The Entrepreneurs keep on pitching stories and once value is agreed the story is pinned on the wall relative to others. Over time a value map emerges which offers a first cut at prioritisation. The map isn’t sacrosanct, when voting ends it is worth discussing the map, there may be good reasons for not simply starting with the highest value item and working down but these reasons deserve discussion.
Benefits of Value Poker
The values on the stories and the value map are the most obvious output and benefit of this exercise but they are far from the only benefits.
The questions and conversations that occur during the process are rich in opinions and insights. By licensing dissent and argument, assumptions and missing information are exposed, different understandings of the stories, the product and even the business strategy are highlighted.
When coders and testers play Investors the exercise throws up points on requirement and specification which may be otherwise overlooked. When business folks play Investors, synergies and conflicts with other products, services and strategies are revealed.
And whoever plays Investors, new ideas are generated. While one Entrepreneur is pitching the others on the team can write new stories that pick up on ideas and these can be pitched straight back to the Investors.
Making the Product Manager play Entrepreneur is no bad thing either, they are put on the spot and need to think on their feet – how well do they really know their business plan? That might be a scary position for someone who is happier sitting behind a desk drafting a business plan for circulation and polite review.
Apple and Oranges
By the way, I’m saying stories but it you can use whatever delivery unit you want, User Story, Use Case, Job-To-Be-Done, Functional Requirement, and so on. The key point is: each thing is expected to deliver business benefit in its own right – hopefully hard cash but it could be learning, risk reduction, customer retention.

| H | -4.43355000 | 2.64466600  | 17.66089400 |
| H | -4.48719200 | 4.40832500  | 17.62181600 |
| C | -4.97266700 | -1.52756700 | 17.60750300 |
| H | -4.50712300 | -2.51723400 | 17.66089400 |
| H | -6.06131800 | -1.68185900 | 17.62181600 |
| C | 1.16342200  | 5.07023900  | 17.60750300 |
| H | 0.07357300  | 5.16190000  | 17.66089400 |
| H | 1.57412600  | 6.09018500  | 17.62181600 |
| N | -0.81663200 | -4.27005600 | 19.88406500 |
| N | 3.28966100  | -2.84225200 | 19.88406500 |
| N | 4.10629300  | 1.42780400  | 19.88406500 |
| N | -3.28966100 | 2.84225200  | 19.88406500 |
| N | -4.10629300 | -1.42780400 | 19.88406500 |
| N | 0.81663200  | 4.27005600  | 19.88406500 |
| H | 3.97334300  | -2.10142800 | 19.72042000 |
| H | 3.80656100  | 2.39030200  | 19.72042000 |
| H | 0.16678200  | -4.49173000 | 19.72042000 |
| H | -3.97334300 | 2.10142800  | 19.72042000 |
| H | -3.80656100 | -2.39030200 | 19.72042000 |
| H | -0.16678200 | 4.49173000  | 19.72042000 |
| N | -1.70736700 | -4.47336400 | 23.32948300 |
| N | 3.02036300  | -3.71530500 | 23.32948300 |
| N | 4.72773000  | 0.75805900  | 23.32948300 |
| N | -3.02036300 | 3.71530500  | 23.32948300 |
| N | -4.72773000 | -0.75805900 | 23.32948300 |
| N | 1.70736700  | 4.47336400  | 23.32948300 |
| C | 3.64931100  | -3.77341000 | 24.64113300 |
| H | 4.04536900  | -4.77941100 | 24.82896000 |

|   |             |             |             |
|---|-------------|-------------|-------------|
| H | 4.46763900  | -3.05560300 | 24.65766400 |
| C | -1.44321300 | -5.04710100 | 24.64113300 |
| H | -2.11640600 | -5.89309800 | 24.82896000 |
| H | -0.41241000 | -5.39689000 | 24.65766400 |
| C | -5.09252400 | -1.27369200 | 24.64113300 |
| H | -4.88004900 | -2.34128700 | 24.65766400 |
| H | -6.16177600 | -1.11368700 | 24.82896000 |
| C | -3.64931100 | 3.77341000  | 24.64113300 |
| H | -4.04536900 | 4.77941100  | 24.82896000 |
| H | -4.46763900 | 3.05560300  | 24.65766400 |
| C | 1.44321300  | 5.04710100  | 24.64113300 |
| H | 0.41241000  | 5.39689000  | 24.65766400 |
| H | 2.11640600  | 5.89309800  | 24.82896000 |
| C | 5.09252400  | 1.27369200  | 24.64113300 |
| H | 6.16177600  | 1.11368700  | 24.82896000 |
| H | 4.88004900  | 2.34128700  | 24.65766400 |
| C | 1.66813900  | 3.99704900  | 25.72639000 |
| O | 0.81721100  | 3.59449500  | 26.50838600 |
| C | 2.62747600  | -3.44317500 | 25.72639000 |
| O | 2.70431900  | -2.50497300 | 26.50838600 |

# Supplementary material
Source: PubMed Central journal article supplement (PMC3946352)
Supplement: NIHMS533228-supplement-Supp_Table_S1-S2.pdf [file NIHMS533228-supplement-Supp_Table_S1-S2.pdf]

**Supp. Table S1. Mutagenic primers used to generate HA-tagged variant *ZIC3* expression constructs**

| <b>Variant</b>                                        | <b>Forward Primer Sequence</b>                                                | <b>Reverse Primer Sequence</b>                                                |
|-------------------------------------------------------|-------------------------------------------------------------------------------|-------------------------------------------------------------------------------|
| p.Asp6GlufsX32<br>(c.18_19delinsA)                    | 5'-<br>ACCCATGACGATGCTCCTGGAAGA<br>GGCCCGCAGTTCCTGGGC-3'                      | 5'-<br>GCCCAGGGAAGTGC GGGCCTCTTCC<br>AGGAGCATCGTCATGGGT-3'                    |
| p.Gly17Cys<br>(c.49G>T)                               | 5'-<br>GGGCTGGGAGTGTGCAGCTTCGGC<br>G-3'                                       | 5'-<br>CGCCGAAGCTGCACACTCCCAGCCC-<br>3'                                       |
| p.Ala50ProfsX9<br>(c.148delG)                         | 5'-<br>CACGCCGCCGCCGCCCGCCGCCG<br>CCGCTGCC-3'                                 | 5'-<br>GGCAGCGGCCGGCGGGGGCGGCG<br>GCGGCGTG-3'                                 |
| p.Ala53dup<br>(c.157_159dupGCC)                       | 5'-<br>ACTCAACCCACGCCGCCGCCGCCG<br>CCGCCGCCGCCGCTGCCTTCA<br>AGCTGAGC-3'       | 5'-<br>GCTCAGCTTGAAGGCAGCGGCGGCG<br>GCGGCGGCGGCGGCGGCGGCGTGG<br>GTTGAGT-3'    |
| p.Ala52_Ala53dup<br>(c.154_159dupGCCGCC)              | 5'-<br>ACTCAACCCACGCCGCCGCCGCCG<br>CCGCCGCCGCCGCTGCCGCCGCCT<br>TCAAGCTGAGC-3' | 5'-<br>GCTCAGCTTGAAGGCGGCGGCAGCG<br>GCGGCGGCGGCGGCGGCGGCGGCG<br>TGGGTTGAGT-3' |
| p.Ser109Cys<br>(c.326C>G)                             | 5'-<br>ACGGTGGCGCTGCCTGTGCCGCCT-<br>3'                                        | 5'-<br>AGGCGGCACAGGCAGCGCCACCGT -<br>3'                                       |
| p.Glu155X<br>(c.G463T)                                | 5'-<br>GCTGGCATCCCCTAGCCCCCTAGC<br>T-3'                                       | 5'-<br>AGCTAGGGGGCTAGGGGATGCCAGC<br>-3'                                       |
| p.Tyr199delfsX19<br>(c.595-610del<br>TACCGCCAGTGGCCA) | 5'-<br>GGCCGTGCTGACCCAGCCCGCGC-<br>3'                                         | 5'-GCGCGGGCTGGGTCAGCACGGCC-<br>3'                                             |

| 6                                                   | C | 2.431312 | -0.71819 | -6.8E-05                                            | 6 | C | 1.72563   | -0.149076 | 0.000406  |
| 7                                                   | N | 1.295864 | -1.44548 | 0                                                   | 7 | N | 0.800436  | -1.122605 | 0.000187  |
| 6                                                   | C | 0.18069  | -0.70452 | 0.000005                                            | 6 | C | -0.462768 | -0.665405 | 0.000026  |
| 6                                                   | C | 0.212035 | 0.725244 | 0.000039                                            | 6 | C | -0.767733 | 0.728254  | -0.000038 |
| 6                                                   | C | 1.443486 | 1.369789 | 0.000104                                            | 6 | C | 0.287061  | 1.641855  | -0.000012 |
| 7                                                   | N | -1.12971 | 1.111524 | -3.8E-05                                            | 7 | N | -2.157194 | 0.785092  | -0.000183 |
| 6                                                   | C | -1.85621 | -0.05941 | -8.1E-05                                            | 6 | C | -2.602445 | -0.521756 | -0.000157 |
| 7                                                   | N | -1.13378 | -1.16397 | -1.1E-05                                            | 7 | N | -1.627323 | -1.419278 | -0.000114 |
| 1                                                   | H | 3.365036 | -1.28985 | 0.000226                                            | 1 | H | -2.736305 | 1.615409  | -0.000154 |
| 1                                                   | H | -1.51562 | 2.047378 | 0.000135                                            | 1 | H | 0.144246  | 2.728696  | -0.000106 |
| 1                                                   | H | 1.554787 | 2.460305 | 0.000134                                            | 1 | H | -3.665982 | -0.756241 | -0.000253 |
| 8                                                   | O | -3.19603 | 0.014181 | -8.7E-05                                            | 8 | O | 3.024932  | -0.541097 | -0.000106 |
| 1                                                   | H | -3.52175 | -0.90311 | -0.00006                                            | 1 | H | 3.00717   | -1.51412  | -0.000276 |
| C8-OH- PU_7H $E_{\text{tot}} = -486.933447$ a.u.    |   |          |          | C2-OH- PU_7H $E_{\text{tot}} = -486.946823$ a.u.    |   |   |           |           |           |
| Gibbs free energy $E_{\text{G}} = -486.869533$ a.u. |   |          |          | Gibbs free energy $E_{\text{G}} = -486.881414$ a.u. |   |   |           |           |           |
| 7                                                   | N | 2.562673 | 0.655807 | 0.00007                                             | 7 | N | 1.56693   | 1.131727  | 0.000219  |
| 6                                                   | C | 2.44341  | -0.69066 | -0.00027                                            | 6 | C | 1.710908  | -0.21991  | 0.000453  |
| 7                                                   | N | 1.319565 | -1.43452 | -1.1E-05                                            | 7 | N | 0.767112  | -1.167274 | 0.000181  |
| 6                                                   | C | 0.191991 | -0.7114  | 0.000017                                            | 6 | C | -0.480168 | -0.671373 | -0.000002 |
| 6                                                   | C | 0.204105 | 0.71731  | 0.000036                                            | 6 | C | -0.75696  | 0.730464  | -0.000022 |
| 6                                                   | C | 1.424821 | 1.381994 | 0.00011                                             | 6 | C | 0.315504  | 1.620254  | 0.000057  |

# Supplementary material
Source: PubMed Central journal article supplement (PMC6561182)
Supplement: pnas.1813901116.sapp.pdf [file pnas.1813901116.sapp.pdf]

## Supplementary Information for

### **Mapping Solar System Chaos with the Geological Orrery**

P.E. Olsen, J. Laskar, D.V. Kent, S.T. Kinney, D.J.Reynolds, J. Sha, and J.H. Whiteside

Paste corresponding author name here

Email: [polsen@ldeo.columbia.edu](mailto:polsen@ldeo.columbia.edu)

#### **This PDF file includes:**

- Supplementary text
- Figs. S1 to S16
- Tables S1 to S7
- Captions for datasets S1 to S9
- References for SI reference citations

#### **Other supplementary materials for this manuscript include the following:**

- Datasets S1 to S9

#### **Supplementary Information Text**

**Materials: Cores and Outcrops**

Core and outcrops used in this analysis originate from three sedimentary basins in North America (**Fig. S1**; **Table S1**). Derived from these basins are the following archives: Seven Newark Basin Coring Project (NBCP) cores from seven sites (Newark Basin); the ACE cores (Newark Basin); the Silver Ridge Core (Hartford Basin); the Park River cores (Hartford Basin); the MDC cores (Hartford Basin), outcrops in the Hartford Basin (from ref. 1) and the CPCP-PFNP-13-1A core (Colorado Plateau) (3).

One question that gets asked a lot when I introduce this technique is “How can you compare apples and oranges? – some of the stories are about market growth and others about future-proofing our technology?” Actually, this is one of the strong points of this technique.
Two very different stories, each with its own merits and demerits are difficult to compare. But they need to be compared, they need to be prioritised, ranked and scheduled just the same. The criteria for prioritising may be different but they still need to be compared, pitching them, and assigning imaginary currency forces that conversation out into the open.
Think about it this way: who is more valuable to your organisation, a great Product Manager, an ace developer or a “sell ice to eskimos” sales guy? Who knows? But at the end of the month you all get paid in the same units.
Put Value Poker in Your Toolbox
Value poker in the Dragons’ Den is another tool for your toolbox. It’s a fun way to talk about your product and generate a shared understanding of what you are trying to do. More importantly it allows you to start talking more about value of work and less about effort alone.
One last thing, there is a slight irony when business folk complain, as they do, about the difficulty of estimating value. You hear some very familiar arguments – arguments that you normally hear from programmers when they are asked for an effort estimate.